After a decade apart, Algernon Cadwallader is reuniting for a national tour this fall. All of the band’s original lineup from both of their albums (Some Kind of Cadwallader, Parrot Flies) will be performing, including Peter Helmis (vocals, bass), Joe Reinhart (guitar), Colin Mahony (guitar), Nick Tazza (drums), and Matt “Tank” Bergman (drums).
The Philadelphia-based band was an instrumental part of the mid-2000s emo revival, pairing Midwest emo with methodical math-rock instrumentation. Though they broke up in 2012, their legacy continues to thrive through album reissues, influencing a new generation of musicians.
About Algernon Cadwallader:
It’s been a decade since Algernon Cadwallader was “laid to rest,” as its farewell blog post stated, but the Pennsylvania band’s legacy continues to thrive. The group was part of the mid-2000s emo revival, pairing Midwest emo with math-rock musicianship. Algernon Cadwallader released two studio albums, a pair of EPs, and several other recordings over the course of seven years. The group ended in 2012 as a trio featuring Peter Helmis (vocals and bass), Joe Reinhart (guitar), and Tank Bergman (drums). In 2018, Pitchfork gave their reissued debut album an 8.3 out of 10, saying “Some Kind of Cadwallader still leaps out of the speakers, an album that treats its songs like secrets they’re dying to share.”
Tim Kinsella and Jenny Pulse have spent years making thoughtful and unpredictable art, whether musically as Joan of Arc or Spa Moans, or under their given names as writers and visual artists. On Giddy Skelter, their debut album as the unadorned “Tim Kinsella & Jenny Pulse,” they once again take an unexpected turn, but aim for something more direct. They’ve crafted a swirling, past-future, future-past, sorta-rock, collage-rock, melange borne from the confined anxiety of the pandemic. It’s a full-length undeniably of its moment, rich with musical references while radiating a visionary path forward.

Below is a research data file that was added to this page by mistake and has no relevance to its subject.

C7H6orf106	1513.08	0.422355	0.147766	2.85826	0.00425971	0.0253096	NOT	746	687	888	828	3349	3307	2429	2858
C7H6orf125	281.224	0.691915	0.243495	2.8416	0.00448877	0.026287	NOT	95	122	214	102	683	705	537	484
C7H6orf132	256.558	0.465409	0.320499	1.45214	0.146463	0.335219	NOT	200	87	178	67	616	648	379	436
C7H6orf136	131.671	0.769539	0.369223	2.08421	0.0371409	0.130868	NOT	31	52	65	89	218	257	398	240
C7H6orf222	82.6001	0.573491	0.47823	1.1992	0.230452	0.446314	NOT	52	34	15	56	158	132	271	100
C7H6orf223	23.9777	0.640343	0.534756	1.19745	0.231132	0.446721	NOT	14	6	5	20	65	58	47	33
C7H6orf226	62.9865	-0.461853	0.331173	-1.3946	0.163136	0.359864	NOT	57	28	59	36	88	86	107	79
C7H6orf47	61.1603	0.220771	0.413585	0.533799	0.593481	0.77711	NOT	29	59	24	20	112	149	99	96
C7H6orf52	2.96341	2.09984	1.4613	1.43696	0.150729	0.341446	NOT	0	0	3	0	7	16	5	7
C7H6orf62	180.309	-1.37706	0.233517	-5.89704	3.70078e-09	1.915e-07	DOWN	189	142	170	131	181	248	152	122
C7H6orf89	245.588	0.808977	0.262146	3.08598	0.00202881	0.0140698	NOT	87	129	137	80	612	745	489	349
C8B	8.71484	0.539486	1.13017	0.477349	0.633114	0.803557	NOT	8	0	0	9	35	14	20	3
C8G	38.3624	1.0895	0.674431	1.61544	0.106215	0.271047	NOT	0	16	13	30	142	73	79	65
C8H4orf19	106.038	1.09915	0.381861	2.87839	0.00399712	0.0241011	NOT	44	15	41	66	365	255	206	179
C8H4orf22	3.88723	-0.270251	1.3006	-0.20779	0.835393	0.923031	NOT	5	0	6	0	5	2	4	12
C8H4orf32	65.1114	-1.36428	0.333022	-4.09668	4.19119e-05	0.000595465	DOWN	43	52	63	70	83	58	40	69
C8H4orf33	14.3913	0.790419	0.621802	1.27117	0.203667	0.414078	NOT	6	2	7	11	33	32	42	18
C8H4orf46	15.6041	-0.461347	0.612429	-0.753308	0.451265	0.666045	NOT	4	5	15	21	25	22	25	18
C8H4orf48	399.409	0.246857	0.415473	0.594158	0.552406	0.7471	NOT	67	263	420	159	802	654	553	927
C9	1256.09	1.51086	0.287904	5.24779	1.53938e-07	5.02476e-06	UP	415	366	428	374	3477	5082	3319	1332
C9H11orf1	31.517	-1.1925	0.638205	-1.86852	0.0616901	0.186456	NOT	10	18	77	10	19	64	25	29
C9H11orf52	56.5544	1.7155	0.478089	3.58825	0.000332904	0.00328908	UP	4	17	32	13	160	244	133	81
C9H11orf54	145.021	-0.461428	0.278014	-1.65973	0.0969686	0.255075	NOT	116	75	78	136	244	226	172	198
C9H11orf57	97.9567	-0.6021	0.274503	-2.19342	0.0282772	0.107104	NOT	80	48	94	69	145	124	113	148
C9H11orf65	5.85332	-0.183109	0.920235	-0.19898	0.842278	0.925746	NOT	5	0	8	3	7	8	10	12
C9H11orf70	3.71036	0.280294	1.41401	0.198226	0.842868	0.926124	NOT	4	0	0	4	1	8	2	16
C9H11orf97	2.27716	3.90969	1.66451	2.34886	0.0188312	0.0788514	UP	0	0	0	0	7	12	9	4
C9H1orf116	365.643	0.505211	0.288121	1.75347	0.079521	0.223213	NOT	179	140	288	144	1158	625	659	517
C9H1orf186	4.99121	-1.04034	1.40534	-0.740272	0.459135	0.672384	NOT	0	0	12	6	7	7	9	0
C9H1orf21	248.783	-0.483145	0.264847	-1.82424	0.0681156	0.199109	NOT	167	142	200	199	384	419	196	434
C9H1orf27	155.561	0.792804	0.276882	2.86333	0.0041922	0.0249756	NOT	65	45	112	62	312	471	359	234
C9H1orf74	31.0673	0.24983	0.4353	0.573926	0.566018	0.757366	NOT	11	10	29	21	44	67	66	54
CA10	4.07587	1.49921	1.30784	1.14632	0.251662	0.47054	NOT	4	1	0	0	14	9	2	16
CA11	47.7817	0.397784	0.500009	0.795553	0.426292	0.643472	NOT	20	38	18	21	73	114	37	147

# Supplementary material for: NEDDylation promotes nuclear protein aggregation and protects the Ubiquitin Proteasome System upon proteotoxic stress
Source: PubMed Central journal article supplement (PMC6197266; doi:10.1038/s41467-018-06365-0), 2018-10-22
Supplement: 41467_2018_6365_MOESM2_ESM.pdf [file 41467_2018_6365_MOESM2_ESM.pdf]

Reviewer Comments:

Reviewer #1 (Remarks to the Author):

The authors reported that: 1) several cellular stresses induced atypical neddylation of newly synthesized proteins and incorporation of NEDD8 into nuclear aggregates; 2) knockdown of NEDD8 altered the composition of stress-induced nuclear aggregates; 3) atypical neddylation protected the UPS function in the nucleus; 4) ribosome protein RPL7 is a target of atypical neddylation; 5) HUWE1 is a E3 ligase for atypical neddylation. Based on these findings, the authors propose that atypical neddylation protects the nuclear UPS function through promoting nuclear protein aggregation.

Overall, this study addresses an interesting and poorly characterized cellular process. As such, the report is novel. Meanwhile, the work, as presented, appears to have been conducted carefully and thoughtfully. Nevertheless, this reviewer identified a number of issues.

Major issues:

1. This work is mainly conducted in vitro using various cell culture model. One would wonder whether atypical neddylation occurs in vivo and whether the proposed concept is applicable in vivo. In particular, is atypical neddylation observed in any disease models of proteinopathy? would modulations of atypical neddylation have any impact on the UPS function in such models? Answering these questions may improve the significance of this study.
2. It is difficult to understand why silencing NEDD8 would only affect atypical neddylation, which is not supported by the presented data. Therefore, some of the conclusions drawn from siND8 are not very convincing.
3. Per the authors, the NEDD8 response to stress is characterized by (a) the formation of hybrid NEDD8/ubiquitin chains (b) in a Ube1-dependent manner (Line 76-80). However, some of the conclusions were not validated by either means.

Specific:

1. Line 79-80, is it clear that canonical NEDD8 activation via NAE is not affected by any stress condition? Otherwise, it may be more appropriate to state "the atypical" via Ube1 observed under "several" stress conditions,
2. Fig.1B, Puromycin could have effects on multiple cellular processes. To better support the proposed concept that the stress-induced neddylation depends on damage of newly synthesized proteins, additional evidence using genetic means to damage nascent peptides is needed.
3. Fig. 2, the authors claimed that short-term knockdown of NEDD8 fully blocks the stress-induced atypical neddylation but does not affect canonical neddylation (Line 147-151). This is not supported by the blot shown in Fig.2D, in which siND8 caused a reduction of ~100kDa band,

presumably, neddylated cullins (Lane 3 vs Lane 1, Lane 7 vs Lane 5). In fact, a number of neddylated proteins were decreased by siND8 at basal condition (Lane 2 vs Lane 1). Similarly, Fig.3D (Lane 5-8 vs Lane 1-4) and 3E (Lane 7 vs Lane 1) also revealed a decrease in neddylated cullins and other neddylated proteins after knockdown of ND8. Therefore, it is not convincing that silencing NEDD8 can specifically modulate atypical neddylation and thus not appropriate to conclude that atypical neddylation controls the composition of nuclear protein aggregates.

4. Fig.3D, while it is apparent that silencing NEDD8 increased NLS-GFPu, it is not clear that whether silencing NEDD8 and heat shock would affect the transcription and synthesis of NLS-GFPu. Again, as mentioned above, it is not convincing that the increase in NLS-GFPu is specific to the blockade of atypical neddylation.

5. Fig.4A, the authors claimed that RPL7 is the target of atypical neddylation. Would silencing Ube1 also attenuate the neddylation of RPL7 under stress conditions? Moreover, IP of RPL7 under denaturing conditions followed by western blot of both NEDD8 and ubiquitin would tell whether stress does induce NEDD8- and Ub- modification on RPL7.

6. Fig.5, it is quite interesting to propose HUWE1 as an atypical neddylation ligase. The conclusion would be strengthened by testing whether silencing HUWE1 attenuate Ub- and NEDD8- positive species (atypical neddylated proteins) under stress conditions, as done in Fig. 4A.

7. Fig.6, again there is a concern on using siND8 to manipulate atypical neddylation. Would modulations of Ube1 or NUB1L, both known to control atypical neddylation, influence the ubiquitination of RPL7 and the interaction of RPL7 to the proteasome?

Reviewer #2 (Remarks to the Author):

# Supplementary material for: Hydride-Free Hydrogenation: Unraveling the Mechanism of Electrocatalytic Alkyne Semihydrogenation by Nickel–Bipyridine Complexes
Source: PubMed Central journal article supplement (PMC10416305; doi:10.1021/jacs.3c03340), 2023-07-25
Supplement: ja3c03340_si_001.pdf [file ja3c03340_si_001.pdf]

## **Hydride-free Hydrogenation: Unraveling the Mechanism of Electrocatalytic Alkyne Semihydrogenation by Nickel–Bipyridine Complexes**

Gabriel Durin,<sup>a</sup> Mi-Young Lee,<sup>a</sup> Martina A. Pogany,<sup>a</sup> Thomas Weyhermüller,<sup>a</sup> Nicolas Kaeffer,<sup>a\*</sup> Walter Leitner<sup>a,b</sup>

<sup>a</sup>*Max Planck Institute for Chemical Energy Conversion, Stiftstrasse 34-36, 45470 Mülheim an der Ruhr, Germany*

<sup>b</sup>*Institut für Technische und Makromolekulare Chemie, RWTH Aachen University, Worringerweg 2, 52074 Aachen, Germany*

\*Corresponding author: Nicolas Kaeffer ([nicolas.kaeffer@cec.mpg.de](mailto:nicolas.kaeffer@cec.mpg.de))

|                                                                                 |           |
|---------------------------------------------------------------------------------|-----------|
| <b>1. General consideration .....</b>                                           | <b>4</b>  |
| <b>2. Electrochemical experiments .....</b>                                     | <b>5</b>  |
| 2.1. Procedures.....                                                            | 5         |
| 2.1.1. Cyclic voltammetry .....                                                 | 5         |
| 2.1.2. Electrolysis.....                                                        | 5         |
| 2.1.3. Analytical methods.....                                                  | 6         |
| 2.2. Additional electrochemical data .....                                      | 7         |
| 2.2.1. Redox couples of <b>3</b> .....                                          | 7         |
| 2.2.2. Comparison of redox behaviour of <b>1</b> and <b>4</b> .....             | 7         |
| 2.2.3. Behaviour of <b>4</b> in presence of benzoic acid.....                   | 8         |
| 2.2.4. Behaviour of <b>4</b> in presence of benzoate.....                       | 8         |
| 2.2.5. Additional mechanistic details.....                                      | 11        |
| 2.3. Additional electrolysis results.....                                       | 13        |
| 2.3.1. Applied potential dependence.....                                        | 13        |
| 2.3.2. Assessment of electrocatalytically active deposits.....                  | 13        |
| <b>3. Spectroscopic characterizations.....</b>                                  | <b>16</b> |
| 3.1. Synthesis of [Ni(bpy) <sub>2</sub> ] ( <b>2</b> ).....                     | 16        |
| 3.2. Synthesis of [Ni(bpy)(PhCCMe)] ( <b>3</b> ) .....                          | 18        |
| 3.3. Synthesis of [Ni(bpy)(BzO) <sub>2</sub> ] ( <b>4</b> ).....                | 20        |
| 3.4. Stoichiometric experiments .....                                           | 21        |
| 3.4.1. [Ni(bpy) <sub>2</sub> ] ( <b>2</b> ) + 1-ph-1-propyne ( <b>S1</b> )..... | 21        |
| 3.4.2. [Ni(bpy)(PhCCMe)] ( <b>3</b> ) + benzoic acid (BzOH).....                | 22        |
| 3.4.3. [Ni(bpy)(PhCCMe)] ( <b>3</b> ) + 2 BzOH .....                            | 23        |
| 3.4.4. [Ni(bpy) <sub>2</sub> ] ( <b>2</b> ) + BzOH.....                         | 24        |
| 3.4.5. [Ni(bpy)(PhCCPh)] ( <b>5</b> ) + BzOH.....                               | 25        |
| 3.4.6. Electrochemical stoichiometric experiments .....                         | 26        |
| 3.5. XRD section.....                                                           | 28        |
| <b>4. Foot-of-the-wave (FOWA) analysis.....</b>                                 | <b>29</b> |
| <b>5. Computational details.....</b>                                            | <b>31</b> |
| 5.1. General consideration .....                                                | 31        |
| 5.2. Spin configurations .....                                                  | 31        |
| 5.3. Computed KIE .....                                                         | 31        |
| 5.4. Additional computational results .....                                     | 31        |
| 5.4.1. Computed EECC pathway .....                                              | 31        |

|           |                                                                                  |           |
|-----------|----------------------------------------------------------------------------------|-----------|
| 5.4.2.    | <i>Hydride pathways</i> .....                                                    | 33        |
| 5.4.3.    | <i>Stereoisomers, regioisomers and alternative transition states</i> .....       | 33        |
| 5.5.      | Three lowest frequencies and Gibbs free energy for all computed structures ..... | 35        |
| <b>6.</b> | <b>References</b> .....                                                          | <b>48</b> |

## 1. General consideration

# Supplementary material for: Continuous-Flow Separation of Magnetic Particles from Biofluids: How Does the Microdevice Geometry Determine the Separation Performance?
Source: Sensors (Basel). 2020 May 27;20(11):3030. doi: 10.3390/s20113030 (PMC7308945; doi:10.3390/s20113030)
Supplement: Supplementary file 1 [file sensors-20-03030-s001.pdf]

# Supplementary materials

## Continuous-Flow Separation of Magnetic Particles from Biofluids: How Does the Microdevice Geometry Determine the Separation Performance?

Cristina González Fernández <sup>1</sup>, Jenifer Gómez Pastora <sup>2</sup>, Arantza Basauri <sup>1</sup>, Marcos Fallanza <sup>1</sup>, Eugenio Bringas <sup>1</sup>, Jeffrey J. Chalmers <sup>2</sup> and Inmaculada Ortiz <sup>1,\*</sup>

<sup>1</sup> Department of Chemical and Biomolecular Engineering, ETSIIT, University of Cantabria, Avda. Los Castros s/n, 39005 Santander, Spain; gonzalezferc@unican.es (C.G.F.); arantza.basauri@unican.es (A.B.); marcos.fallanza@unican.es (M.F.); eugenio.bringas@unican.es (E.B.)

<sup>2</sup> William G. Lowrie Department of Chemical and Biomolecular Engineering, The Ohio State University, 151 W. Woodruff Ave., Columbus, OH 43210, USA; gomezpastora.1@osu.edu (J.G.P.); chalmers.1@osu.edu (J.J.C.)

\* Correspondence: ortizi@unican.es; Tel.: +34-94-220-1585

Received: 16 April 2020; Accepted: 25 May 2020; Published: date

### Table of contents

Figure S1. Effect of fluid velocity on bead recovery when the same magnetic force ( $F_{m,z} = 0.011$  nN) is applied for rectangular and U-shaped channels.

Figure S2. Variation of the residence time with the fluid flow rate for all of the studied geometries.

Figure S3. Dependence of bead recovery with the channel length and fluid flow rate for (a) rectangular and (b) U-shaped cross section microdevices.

To assemble Giddy Skelter, Kinsella and Pulse aggressively culled their tracklist until they had a lean and impactful 11 songs, unlike anything either musician has released before. Opening track “Unblock Obstacles” chugs along on a three-chord riff and dubbed-out drums before venturing into a hypnotic, feedback-filled drone that channels pre-Loveless My Bloody Valentine. “Over and Over” imagines a world where Slowdive or Lush collaborated with Prefuse 73. On “Nena,” one minute features loops of classical piano, the next Spacemen 3-style psychedelic drone, and the next contemporary R&B. The majority of songs on Giddy Skelter foreground Pulse’s yearning, ethereal vocals, giving the music a distinctly feminine overtone.
The title Giddy Skelter alludes to both Gimme Shelter, the infamous documentary about the Rolling Stones’ disastrous Altamont free concert, and the Manson Family’s Helter Skelter scenario. But none of this is an homage to a bygone era. And there’s another dimension to the title: It can be interpreted alchemically, combining two of the most popular songs in rock history — “Gimme Shelter” and “Helter Skelter” — both of which have sinister associations that give them greater gravity. Sometimes the thing that makes great rock n’ roll is the ineffable and the intangible, something you can only describe as alchemy; other times it’s the rigors of process. On Kinsella and Pulse’s Giddy Skelter, it’s both — and it sounds unlike anything else you’ll hear this year.